Director Francesca Zambello on Don Giovanni

For this season’s showcase of the Domingo-Cafritz Young Artists, WNO presents a staged performance of Mozart’s timeless drama Don Giovanni featuring engaging set and costume design elements–with the WNO Orchestra conducted by Michael Christie and direction by WNO Artistic Director Francesca Zambello. Join us for the performance on March 17 in the Opera House.

There was a time when people used the term “Don Juan” to refer to a kind of charming rogue. Today, we see nothing charming about a man who won’t take no for an answer. How do we approach a character like Don Giovanni in 2017?

No one was giving workshops on consent when Mozart and Da Ponte wrote Don Giovanni, but that doesn’t mean the creators of the opera condoned Giovanni’s actions. The complete title of the opera is Il dissoluto punito, ossia il Don Giovanni (“The debauched punished, or Don Giovanni”). This is an opera about a bad guy who gets what he deserves.

It’s true that we can get overly comfortable with some of the great, standard operas. We bask in Mozart’s beautiful melodies, we compare interpretations, we marvel at modern stagecraft. But I don’t think that’s what the creators ever intended for this piece. We should be disturbed by the events that unfold. This is a drama with serious consequences.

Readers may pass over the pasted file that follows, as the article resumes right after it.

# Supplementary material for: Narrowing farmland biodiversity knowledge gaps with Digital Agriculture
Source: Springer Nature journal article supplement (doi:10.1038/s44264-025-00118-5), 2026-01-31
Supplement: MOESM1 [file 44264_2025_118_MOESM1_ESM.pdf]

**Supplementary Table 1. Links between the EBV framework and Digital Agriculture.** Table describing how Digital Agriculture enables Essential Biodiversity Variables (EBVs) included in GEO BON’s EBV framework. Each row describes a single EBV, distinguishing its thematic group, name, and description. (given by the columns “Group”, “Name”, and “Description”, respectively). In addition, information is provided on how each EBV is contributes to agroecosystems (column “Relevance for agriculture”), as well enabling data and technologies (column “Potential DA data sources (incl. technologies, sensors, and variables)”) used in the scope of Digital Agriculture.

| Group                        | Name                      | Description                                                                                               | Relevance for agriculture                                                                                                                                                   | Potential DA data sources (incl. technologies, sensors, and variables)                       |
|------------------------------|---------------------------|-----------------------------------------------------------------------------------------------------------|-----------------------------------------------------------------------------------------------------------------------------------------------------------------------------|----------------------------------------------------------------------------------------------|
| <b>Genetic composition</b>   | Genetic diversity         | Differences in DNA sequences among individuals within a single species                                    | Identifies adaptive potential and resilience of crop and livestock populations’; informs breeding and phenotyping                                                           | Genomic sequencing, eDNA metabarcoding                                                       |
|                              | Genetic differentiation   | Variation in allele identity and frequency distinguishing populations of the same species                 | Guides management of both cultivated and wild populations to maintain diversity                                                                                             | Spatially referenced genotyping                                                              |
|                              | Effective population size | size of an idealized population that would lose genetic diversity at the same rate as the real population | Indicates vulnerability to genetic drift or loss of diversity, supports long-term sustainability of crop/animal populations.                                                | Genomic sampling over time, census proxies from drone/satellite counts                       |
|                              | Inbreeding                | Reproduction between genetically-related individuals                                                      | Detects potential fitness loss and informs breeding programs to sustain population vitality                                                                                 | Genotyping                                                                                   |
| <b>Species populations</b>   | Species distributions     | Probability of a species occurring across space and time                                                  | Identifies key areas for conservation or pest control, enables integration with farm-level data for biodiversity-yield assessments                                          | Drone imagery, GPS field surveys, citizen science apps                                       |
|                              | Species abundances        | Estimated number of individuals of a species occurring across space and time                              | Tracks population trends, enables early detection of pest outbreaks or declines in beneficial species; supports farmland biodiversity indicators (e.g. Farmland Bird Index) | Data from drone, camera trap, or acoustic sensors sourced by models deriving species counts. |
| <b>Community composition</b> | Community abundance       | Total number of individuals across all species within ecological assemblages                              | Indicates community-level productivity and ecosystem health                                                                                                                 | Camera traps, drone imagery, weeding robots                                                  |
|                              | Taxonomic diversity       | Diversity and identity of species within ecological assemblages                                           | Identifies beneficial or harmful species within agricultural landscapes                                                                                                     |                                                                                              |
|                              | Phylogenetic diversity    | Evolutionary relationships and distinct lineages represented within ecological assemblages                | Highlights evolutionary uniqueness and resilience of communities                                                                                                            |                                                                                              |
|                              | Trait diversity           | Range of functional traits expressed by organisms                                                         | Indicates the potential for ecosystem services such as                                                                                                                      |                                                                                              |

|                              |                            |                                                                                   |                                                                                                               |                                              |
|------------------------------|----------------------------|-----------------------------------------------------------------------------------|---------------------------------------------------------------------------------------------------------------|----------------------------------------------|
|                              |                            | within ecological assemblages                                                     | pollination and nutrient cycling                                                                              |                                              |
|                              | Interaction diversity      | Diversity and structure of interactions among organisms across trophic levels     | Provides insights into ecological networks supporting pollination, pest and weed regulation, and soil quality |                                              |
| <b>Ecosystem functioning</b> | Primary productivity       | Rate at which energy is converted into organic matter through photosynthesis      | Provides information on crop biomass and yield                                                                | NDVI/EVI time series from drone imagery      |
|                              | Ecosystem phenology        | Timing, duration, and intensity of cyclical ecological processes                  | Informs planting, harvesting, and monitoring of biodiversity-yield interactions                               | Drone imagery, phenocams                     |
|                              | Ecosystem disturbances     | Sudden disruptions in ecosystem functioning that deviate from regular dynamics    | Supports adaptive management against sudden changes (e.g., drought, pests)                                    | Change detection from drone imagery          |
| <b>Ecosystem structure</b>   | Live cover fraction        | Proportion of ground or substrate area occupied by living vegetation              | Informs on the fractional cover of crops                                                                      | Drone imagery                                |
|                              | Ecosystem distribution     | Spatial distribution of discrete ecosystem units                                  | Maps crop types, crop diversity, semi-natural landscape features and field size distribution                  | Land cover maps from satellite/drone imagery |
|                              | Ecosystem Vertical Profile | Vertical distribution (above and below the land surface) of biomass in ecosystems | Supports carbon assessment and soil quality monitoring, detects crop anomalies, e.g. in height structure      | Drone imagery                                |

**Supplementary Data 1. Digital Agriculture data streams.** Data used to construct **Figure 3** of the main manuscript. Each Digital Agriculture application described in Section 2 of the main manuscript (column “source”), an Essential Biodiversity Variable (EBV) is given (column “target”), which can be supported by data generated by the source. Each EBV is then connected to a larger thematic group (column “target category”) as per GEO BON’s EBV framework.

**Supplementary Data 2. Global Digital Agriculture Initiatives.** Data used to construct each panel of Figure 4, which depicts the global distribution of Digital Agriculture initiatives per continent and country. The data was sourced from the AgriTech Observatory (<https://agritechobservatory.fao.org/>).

I’ve directed Don Giovanni many times, but I don’t think I have ever chosen to make it so clear that the opening scene between Don Giovanni and Donna Anna is an attempted rape. I have always struggled with it, as there is textual uncertainty in the libretto, but this time I made a conscious choice with the artists. It really seemed so clear to me, directing this piece immediately after Dead Man Walking, which begins with a violent rape. I want the audience to understand from the beginning what kind of man we are dealing with.

So why spend an evening with these characters? Why put a man like Don Giovanni at the center of an opera?

Look, if you’re going to the opera to find characters to model your behavior after, you might want to reconsider. That said, I do think the great operas teach us a lot about life. I think that’s especially true of the three operas that Mozart and Da Ponte wrote together (the other two being The Marriage of Figaro and Così fan tutte). Those two didn’t just give us good guys and bad guys—they gave us an array of complicated human beings.

We opened our season with The Marriage of Figaro. The Count is a character who has some things in common with Giovanni. But everyone in that opera has some less-than-enlightened moments—as do we all. In Figaro, the Count eventually finds redemption when he admits his wrongs and asks forgiveness. It is one of the most moving moments in all of opera. Giovanni, on the other hand, refuses the Commedatore’s call for repentance. Again, it is interesting for me to consider themes that resonate across our season. In Dead Man Walking, Sister Helen pours all of her energy into getting De Rocher to confess and confront his crimes before he dies, which he ultimately does.